When asked about the City of Kent’s namesake, Marvin Kent, Sandy Halem, the first female president of the Kent Historical Society, said, “I’m glad his name was Kent.”
Halem, now a volunteer at the society, described the history of Marvin and his significance while inside the Clapp-Woodward House on East Main Street. The building is home to the Kent Historical Society.
The early Sunday sun peaked through the windows of the house’s 19th century frame. The air smelled of antiques, and the walls were almost entirely covered with historical pictures of the city.
Halem, now sitting on an antique couch, said Marvin wasn’t really concerned with money or making a profit off the new town in the late 1800s.
He instead involved himself with every aspect of the community.
Halem said Marvin not only donated much of his devotion, influence and money to the city, but made sure that the town’s citizens had everything they needed to build the best community possible.
“He brought jobs,” Halem said.
Marvin’s investment in the railroad and the canal, at one point, gave one in every two men in the city jobs.
Because of his love of his town and good sense of his community, Halem said Marvin became “one of the most historically influential people in Ohio.”
“What we’re trying to do here with this tour is show how Marvin and his family helped to build every major part, to make the town into a community,” Halem said.
This year, Sept. 21 marks Marvin’s 200th birthday.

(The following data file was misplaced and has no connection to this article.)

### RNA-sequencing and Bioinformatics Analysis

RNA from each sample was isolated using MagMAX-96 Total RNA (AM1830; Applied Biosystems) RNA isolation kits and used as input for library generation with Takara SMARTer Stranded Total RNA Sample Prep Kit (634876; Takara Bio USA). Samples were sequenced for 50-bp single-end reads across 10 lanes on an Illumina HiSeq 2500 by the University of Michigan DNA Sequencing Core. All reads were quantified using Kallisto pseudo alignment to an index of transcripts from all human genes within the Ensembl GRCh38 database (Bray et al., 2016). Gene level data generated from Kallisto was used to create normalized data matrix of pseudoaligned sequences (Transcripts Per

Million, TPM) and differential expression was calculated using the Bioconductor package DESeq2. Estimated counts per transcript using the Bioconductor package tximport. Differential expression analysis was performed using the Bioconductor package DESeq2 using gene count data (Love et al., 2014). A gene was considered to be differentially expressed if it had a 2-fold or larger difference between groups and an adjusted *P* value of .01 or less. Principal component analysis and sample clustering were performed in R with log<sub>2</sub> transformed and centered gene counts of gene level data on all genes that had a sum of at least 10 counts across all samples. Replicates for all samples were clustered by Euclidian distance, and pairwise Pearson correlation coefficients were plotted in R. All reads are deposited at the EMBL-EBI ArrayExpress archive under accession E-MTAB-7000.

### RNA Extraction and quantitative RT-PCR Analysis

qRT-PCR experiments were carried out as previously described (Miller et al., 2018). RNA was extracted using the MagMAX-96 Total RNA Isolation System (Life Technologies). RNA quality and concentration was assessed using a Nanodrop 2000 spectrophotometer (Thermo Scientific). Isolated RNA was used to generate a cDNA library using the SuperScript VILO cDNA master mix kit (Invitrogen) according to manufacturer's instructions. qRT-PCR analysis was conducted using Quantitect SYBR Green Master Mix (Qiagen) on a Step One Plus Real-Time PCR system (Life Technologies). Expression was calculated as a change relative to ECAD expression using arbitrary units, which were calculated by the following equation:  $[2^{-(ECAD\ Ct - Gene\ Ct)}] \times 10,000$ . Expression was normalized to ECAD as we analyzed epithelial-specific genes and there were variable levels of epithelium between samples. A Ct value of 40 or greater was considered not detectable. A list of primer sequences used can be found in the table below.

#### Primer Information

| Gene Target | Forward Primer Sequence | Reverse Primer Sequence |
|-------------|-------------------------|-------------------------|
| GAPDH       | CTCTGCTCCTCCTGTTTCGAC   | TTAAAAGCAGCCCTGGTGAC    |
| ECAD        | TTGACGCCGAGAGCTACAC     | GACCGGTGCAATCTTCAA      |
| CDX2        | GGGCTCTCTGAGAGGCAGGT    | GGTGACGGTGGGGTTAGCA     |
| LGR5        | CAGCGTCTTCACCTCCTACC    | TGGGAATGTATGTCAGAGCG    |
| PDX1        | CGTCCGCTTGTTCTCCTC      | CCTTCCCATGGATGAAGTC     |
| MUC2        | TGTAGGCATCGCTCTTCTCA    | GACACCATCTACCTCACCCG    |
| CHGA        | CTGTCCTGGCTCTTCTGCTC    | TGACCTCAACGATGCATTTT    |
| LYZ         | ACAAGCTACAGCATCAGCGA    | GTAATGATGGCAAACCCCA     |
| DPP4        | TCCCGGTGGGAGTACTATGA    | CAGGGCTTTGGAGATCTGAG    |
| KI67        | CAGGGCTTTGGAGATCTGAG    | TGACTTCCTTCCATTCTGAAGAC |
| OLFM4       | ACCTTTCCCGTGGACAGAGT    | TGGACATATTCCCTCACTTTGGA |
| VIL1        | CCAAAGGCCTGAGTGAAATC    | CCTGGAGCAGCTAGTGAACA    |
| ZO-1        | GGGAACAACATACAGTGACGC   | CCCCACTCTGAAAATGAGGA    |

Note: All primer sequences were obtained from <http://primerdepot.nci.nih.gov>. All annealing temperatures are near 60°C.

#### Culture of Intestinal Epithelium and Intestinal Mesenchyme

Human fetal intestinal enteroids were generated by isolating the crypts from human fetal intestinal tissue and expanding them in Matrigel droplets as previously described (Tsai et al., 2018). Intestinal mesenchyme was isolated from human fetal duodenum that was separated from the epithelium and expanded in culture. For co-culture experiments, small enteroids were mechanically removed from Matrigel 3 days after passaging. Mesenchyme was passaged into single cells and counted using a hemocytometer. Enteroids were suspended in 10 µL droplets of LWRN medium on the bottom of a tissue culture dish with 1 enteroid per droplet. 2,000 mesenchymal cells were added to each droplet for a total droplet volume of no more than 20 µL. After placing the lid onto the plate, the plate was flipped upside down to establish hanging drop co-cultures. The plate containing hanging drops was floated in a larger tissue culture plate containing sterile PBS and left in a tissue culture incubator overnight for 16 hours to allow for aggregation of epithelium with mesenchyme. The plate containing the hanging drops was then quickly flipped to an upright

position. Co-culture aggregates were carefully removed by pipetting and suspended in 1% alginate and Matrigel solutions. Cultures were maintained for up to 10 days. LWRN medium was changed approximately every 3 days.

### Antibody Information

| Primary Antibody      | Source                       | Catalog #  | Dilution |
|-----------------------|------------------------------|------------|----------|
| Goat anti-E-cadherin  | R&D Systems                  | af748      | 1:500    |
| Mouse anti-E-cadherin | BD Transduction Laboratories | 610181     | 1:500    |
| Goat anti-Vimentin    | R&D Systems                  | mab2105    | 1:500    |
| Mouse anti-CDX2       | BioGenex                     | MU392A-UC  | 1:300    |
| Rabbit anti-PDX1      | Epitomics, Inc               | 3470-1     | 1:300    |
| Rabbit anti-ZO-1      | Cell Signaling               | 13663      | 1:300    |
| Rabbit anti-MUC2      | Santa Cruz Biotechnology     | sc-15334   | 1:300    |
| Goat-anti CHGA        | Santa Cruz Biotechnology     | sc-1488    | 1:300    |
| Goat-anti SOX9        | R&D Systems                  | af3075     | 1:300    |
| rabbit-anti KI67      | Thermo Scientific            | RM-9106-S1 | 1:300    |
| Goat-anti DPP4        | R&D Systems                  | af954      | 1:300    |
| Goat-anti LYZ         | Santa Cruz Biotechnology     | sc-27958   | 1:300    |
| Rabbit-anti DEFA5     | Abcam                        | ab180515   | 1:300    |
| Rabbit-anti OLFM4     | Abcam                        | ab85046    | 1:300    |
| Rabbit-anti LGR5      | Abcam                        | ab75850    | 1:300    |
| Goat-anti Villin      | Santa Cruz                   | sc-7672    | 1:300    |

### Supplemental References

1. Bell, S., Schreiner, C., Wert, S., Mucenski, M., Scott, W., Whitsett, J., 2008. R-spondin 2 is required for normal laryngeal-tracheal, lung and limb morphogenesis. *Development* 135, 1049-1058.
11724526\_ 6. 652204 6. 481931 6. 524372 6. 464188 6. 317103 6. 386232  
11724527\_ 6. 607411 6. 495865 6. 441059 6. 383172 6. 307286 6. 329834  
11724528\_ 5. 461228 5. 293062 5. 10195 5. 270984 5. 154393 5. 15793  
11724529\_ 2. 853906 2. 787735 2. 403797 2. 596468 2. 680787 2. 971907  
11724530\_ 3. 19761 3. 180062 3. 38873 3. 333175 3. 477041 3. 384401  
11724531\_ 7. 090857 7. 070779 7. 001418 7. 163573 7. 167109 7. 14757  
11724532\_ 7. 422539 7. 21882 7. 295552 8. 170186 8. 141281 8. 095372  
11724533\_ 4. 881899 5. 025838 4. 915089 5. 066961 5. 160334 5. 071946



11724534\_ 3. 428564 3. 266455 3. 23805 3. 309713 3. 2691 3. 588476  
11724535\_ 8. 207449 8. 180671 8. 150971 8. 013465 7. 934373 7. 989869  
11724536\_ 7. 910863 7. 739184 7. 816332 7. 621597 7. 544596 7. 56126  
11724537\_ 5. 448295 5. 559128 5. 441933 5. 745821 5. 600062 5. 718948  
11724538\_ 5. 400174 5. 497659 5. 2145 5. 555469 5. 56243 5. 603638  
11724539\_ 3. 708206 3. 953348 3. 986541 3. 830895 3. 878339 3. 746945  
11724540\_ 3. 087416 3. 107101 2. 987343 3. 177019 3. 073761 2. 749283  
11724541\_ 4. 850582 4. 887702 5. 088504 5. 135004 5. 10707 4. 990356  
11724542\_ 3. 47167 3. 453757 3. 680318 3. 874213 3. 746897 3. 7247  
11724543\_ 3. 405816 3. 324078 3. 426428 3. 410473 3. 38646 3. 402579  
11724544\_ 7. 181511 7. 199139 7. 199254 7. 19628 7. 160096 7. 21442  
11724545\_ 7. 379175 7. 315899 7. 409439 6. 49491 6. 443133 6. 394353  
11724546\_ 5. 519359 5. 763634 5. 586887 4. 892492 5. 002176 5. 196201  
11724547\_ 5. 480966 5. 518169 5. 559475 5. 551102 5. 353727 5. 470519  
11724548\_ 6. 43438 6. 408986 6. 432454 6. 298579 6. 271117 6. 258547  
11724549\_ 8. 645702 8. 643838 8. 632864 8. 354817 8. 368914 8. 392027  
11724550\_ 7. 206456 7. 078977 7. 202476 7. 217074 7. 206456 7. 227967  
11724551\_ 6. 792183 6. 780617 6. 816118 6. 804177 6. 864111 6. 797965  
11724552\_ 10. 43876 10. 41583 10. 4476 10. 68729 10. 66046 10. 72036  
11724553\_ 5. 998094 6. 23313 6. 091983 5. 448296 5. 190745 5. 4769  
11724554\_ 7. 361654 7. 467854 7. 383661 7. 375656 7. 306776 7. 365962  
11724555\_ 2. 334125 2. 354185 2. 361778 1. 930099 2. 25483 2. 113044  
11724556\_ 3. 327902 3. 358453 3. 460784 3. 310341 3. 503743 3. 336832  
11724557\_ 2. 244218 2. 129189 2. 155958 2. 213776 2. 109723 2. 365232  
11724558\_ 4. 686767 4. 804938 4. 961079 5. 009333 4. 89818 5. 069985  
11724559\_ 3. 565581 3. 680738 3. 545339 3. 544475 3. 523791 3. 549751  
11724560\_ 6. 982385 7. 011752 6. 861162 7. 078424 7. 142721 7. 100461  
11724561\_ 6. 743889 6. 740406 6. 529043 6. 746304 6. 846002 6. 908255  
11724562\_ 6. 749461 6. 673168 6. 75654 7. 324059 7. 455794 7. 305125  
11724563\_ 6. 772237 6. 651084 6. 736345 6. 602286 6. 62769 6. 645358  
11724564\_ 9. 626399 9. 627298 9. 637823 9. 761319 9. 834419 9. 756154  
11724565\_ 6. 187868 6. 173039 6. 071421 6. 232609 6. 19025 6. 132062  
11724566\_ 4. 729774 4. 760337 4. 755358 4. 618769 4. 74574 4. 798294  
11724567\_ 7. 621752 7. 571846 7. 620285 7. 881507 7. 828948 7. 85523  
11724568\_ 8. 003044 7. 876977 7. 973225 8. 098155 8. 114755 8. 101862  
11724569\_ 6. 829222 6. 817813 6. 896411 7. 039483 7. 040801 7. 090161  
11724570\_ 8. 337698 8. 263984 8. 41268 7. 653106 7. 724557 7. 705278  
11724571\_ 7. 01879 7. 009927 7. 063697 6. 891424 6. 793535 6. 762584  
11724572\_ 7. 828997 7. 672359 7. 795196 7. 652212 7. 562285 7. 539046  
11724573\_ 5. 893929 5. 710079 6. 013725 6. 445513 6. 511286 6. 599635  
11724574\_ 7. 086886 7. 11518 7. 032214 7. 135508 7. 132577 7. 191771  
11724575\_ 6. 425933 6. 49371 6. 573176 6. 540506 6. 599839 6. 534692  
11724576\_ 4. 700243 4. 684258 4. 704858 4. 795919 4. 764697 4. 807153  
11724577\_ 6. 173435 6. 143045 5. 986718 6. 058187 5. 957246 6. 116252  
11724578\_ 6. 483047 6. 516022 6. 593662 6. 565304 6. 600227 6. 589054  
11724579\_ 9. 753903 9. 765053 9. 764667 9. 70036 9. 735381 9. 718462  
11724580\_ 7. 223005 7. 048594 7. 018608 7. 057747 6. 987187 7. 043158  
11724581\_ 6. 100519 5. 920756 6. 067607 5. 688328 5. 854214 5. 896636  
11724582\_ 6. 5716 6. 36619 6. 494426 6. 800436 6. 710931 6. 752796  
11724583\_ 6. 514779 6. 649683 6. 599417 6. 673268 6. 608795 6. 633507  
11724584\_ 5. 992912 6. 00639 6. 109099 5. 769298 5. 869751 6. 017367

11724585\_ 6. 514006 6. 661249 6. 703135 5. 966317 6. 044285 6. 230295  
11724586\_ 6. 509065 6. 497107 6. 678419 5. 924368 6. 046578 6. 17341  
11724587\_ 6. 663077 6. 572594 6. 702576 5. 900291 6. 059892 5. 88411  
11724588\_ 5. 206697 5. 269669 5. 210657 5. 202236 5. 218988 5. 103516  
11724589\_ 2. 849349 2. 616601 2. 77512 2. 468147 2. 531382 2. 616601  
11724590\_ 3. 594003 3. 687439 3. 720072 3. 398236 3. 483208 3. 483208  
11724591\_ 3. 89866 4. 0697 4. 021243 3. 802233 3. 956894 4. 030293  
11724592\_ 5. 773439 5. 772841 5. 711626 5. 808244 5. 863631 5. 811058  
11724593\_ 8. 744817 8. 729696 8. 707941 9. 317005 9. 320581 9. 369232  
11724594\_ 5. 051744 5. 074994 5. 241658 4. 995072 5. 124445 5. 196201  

The Kent Historical Society took it upon itself to create a two-day touring experience on Saturday and Sunday so citizens of Kent and surrounding areas could cherish and remember the history of the city and its namesake.
The tour consisted of a deep history of the City of Kent, with an emphasis on the lasting effects of Marvin’s love for the community.
Ticket holders were able to visit the historic locations in Kent over the course of the two days.
Some of these locations included the Marvin Kent Train Car on Franklin Avenue and Marvin Kent’s Family Homestead on West Main Street.
For Halem, she first recognized the importance of the community of Kent, when she and her husband arrived in 1969.
“We didn’t know much of the community,” Halem said.
But when the May 4 shootings took place, something new happened in the town.
“Many made the decision to either leave or commit to the community,” Halem said.
When they decided to stay, Halem, like Marvin, embraced the community within the city.
This sense of community that Marvin produced more than 100 years ago has influenced the city all the way to the present.
Halem said the creation of the Esplanade in the last decade is a recent example of that recognition of community that Marvin had.
“If you’re a citizen of Kent, you’re a citizen of Kent,” Halem said.
Contact Jesse Orantek at [email protected]